This is what my first-born said as he wrote his own Snoopy adventure story a few weeks ago. And in that moment, he summed up artistry in that brilliant, succinct way that only a six-year-old can seem to do.
You see, artists are notorious control freaks. In creating art, there is a space where the creator has complete dominating control over their creation. But that feeling of power while creating, sometimes leads to a feeling of powerlessness when dealing with the real world and its laundry lists of mundane problems.
And that’s where I find myself right now.
There is a stillness that settles over my brain when a book is done. Not that first draft done. That induces a flurry of panicked energy that, quite frankly, I rather enjoy. But when I really know that a book is complete; that all that’s left to do is dot the i’s and cross the t’s and make sure that all those pesky commas are in the correct location, that’s when the Quiet comes.
And for me, the Quiet arrives around the same time as the inevitable let down from the realization that I must start again on a new project. I stand in the Quiet, admiring that giant mountain I’ve just conquered with a sigh of accomplishment and look ahead to see another equally large mountain I must climb. And in this same moment, all the voices in my head – Q’s, Ben’s, Sanger’s, Derek’s – turn on radio silence and I am alone with my own thoughts and feelings without theirs to keep me company.
And it’s lonely.
It’s lonely not to hear Q and the boys sing silly songs so I can hum along with them. It’s lonely not to hear Ben’s big, booming laugh when I see something that would make him smile. It’s lonely not to see Sanger’s shy grin flash at me when I close my eyes. It’s even lonely not hearing what horrible pick-up line Derek will use next.
These voices of mine, they keep me company and it sucks when they’re quiet. And the Quiet hurts. So, I can’t enjoy it.
But it’s a necessary part of the process because sometimes you have to pay the bills. You have to Kosher the kitchen for Passover. You have to make a fucking diorama for a first grader. You have to figure out how to use Instagram and make book trailers for your newly finished book and catch up on your reading. And in between, you have to face that great big scary decision you’ve been pushing aside and do something about it. And you have to take action, otherwise you’ll just sit on the couch paralyzed.
Action is easy when you’re the master of the universe. That’s what my son was getting at. When you write a book, you are the ruler. What you say goes. Not so much in the real world. In the real world, no one has to listen to me or do what I want and that total lack of control sometimes leaves me spinning and scared and alone in the Quiet to which I’m no longer accustomed.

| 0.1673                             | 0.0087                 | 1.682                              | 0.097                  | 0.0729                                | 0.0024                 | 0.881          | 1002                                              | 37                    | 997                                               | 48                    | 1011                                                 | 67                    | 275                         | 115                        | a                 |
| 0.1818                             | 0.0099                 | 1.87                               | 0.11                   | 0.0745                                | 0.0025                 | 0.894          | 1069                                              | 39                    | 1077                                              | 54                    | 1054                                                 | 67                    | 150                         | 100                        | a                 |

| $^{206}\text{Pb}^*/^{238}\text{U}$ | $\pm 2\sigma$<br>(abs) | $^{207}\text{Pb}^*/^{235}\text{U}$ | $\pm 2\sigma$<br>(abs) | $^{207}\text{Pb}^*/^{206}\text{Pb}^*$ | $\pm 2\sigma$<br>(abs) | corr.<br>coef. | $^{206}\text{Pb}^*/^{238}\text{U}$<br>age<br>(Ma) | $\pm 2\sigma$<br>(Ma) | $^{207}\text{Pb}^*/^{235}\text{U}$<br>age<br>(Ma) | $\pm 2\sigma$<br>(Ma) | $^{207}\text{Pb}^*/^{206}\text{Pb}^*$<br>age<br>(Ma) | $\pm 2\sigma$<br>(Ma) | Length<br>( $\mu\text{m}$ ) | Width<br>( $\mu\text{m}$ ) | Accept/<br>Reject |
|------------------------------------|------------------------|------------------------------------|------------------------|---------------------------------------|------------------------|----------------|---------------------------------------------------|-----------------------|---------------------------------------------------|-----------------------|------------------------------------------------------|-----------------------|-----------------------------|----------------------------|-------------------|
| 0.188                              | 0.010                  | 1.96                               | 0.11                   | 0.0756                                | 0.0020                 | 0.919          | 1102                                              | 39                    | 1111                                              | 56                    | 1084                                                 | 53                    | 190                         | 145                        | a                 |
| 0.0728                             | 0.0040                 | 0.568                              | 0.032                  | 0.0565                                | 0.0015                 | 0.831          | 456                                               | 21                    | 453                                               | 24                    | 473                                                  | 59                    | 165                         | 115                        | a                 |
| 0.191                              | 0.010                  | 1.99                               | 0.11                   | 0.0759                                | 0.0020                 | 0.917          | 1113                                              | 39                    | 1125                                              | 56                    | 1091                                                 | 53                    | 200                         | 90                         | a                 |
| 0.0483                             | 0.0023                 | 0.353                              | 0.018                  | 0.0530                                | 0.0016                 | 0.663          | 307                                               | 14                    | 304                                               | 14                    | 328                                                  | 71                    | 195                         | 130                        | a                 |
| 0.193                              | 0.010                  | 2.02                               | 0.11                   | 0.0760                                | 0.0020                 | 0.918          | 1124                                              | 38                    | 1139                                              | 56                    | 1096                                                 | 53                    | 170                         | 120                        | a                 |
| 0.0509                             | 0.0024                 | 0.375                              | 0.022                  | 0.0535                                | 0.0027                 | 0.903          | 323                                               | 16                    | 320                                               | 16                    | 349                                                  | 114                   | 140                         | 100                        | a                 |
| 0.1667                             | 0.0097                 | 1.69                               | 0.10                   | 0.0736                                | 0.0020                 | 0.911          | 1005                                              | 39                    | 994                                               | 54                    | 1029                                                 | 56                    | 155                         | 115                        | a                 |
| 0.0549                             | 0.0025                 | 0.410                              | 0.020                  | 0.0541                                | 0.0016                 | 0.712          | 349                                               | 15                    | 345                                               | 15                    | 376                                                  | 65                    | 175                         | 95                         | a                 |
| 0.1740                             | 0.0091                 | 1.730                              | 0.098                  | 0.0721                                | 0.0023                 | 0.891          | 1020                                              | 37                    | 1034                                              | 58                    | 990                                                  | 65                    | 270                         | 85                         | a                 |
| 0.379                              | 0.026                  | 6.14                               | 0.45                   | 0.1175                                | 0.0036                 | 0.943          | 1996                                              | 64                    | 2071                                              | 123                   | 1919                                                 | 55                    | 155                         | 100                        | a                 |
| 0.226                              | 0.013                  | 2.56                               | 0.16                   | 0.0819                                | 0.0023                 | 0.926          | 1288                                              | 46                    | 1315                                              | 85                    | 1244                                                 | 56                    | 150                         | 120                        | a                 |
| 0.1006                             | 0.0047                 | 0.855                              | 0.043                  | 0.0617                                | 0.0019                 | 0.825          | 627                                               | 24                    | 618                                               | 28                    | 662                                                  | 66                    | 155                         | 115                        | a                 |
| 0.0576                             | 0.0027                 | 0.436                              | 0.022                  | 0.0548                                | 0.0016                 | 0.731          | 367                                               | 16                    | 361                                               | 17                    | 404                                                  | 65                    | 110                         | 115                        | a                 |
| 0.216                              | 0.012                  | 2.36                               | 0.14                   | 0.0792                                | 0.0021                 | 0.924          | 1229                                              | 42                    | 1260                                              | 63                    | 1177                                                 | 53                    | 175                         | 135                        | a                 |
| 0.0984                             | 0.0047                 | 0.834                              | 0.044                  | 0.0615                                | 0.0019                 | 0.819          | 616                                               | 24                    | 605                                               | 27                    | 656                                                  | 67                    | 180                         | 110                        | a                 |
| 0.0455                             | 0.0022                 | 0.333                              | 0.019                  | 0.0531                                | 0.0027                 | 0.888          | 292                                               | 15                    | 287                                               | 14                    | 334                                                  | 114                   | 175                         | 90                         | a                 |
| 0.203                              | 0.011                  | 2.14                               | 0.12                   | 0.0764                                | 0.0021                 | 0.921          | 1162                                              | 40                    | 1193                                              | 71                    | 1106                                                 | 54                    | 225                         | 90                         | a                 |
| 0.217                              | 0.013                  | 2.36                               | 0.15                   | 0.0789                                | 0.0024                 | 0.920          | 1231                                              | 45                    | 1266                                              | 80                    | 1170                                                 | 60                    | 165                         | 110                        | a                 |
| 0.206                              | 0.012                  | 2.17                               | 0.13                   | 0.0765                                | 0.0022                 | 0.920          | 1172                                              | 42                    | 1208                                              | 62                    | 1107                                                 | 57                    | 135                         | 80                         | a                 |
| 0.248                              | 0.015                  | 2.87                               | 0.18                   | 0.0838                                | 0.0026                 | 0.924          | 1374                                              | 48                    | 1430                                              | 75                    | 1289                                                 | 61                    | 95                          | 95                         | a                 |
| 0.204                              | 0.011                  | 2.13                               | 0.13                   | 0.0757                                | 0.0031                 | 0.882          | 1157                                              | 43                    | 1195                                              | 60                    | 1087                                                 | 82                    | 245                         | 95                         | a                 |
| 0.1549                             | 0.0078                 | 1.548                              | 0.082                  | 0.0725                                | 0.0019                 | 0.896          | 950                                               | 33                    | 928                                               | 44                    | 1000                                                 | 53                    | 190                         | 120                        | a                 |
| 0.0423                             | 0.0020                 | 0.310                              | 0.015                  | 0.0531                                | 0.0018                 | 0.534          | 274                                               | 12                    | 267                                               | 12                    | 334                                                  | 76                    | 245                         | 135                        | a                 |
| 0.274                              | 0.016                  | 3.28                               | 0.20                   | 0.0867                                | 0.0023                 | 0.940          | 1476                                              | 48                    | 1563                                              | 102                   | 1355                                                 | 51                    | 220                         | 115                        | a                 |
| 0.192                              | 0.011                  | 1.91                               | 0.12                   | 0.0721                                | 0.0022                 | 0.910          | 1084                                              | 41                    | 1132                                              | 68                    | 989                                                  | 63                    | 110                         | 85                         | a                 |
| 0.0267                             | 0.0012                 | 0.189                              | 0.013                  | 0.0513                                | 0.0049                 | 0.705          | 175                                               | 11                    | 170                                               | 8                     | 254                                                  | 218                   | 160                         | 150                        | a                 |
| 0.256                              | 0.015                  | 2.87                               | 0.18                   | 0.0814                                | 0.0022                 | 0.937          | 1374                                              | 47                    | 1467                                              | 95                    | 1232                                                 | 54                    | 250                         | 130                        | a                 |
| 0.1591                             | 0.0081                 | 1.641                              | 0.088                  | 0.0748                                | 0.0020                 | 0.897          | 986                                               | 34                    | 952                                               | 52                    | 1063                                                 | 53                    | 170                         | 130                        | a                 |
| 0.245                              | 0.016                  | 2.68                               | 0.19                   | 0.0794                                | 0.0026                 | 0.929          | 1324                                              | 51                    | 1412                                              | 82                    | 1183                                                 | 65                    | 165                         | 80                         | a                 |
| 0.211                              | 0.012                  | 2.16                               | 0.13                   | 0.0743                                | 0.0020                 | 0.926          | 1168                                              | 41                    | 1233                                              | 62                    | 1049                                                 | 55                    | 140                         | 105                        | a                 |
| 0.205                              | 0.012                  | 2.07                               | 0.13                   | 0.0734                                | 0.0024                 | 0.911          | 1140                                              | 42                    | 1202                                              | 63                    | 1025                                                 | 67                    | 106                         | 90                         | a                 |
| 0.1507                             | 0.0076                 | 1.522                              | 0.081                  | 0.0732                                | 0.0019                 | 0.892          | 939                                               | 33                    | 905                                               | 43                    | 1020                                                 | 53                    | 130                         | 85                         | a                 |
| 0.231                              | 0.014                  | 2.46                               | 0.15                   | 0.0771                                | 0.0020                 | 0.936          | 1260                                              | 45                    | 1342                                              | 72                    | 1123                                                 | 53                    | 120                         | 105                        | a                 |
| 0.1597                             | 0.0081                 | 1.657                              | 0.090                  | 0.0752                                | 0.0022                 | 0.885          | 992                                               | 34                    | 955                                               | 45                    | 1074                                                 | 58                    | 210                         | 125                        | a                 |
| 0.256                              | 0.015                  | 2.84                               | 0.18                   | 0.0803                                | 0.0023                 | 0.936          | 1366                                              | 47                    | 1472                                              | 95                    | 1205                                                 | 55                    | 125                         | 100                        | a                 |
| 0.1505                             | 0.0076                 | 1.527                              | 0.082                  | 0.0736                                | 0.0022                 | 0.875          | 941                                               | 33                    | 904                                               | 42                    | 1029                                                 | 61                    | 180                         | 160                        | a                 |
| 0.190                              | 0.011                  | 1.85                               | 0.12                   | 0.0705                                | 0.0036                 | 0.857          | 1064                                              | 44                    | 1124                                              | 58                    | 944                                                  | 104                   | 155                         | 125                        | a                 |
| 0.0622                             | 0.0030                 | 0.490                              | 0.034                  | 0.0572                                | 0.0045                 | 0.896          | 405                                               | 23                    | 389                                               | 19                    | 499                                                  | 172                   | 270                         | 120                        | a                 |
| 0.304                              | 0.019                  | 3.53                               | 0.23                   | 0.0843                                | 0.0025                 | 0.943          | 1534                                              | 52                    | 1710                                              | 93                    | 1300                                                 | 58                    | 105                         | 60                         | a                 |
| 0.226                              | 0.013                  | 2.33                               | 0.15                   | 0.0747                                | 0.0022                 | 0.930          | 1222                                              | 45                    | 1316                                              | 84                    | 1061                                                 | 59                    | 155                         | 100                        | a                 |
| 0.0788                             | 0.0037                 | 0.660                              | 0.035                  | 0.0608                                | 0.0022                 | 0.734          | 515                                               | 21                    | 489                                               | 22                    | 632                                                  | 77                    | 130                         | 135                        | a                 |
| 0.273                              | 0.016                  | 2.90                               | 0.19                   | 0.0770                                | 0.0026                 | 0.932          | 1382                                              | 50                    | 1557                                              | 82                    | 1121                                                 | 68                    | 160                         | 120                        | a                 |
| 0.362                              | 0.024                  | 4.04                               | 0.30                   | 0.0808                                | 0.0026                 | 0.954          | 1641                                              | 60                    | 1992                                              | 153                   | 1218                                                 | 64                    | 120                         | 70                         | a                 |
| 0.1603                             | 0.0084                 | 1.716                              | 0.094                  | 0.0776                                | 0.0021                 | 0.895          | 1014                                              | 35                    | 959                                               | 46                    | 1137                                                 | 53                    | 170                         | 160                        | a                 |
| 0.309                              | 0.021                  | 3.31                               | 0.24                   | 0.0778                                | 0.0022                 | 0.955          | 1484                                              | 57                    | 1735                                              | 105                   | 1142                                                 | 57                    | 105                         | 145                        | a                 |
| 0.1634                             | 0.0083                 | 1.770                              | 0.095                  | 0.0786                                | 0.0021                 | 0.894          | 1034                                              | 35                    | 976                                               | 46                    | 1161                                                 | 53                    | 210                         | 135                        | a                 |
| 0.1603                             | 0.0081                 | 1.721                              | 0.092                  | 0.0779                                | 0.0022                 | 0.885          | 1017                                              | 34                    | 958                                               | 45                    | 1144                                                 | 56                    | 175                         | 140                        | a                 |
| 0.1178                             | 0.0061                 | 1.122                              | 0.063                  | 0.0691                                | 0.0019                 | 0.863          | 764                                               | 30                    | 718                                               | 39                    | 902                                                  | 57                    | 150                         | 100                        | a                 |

If Derek were speaking to me at the moment, he’d tell me that I’m not really powerless in my real life, no one is. He’d make me say his mantra (which maybe one day he’ll want to share with the rest of you, but not just yet) and then he’d remind me that real change is fucking hard. Real change takes will. Real change takes strength. Real change takes determination. And real change takes resolve.
And that’s the problem I face: Change is coming, both in the world that I create in my books and the one where I actually live my life. The fact that I stand at an astral crossroads where I must do something disagreeable both in the world I control and in the one I do not, is not a coincidence. I think I planned it this way on some level.
In both worlds, it’s for the best. But there’s no way to predict how an action is going to ultimately end up out here in the real world.
And I hate not knowing the ending. As soon as I’m emotionally invested in a book, I read the last chapter before continuing. I’m one of those people.
Don’t look at me like that. I told you 600 words ago I’m a fucking control freak. And if you’ve read just one of my books, you already know I write almost exclusively about people like me: Q’s a control freak, too. So, is Derek. So, is Sanger. Yvie’s worse than all of them combined. But not Ben.
Ben doesn’t need control to feel powerful and it is beyond frustrating. His ability to just let things go. Hell, he even let Q go, once. I’m trying to think what Ben would say, if he was talking to me at the moment. He’s being stubbornly silent, which is why I’ve had to take a break from working on the next Clementine Toledano Mystery. Hard to rewrite a lame-ass first chapter when the character that should be doing most of the talking isn’t talking to you.
But there’s a certain level of powerlessness that even Ben isn’t willing to accept. And maybe that’s who’s been whispering in my ear to take a break from writing and get some real tangible things done in my own life. Q is the dreamer. Ben is the practical one, after all.